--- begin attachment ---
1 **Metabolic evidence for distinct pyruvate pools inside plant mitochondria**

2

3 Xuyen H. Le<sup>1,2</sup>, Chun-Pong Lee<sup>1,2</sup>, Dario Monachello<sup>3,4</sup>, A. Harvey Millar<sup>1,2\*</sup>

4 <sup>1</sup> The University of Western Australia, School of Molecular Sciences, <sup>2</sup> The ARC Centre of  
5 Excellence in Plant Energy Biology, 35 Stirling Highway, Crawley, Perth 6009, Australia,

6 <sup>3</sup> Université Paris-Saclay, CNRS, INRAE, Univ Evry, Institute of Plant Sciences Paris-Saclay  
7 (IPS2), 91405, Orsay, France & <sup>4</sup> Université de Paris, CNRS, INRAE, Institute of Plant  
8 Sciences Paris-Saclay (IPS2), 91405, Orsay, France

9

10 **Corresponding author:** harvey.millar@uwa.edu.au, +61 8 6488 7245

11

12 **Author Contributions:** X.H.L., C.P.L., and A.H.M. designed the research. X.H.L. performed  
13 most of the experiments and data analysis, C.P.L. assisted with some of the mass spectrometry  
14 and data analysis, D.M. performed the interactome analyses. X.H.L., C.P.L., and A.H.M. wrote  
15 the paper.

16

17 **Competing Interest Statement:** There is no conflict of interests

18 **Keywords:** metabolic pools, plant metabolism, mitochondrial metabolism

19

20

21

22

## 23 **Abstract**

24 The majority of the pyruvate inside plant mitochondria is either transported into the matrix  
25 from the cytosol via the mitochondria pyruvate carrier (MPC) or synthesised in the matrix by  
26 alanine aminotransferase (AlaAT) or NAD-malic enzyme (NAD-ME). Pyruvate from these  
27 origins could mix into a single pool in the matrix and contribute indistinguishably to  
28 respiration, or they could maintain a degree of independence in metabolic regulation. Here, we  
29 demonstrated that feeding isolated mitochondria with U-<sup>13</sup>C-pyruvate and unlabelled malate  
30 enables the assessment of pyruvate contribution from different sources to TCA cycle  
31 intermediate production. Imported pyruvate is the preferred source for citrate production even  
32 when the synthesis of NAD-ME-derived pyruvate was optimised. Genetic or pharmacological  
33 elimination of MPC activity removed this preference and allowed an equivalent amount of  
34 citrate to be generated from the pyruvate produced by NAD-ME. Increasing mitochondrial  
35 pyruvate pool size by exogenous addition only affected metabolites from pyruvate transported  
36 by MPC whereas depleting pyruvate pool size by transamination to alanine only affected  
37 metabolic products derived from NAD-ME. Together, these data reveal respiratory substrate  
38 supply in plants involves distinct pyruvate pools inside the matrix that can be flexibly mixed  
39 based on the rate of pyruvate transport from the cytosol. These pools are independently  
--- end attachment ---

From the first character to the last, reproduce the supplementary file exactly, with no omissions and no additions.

1 **Metabolic evidence for distinct pyruvate pools inside plant mitochondria**

2

3 Xuyen H. Le<sup>1,2</sup>, Chun-Pong Lee<sup>1,2</sup>, Dario Monachello<sup>3,4</sup>, A. Harvey Millar<sup>1,2\*</sup>

4 <sup>1</sup> The University of Western Australia, School of Molecular Sciences, <sup>2</sup> The ARC Centre of  
5 Excellence in Plant Energy Biology, 35 Stirling Highway, Crawley, Perth 6009, Australia,

6 <sup>3</sup> Université Paris-Saclay, CNRS, INRAE, Univ Evry, Institute of Plant Sciences Paris-Saclay  
7 (IPS2), 91405, Orsay, France & <sup>4</sup> Université de Paris, CNRS, INRAE, Institute of Plant  
8 Sciences Paris-Saclay (IPS2), 91405, Orsay, France

9

10 **Corresponding author:** harvey.millar@uwa.edu.au, +61 8 6488 7245

11

12 **Author Contributions:** X.H.L., C.P.L., and A.H.M. designed the research. X.H.L. performed  
13 most of the experiments and data analysis, C.P.L. assisted with some of the mass spectrometry  
14 and data analysis, D.M. performed the interactome analyses. X.H.L., C.P.L., and A.H.M. wrote  
15 the paper.

16

17 **Competing Interest Statement:** There is no conflict of interests

18 **Keywords:** metabolic pools, plant metabolism, mitochondrial metabolism

19

20

21

22

## 23 **Abstract**

24 The majority of the pyruvate inside plant mitochondria is either transported into the matrix  
25 from the cytosol via the mitochondria pyruvate carrier (MPC) or synthesised in the matrix by  
26 alanine aminotransferase (AlaAT) or NAD-malic enzyme (NAD-ME). Pyruvate from these  
27 origins could mix into a single pool in the matrix and contribute indistinguishably to  
28 respiration, or they could maintain a degree of independence in metabolic regulation. Here, we  
29 demonstrated that feeding isolated mitochondria with U-<sup>13</sup>C-pyruvate and unlabelled malate  
30 enables the assessment of pyruvate contribution from different sources to TCA cycle  
31 intermediate production. Imported pyruvate is the preferred source for citrate production even  
32 when the synthesis of NAD-ME-derived pyruvate was optimised. Genetic or pharmacological  
33 elimination of MPC activity removed this preference and allowed an equivalent amount of  
34 citrate to be generated from the pyruvate produced by NAD-ME. Increasing mitochondrial  
35 pyruvate pool size by exogenous addition only affected metabolites from pyruvate transported  
36 by MPC whereas depleting pyruvate pool size by transamination to alanine only affected  
37 metabolic products derived from NAD-ME. Together, these data reveal respiratory substrate  
38 supply in plants involves distinct pyruvate pools inside the matrix that can be flexibly mixed  
39 based on the rate of pyruvate transport from the cytosol. These pools are independently  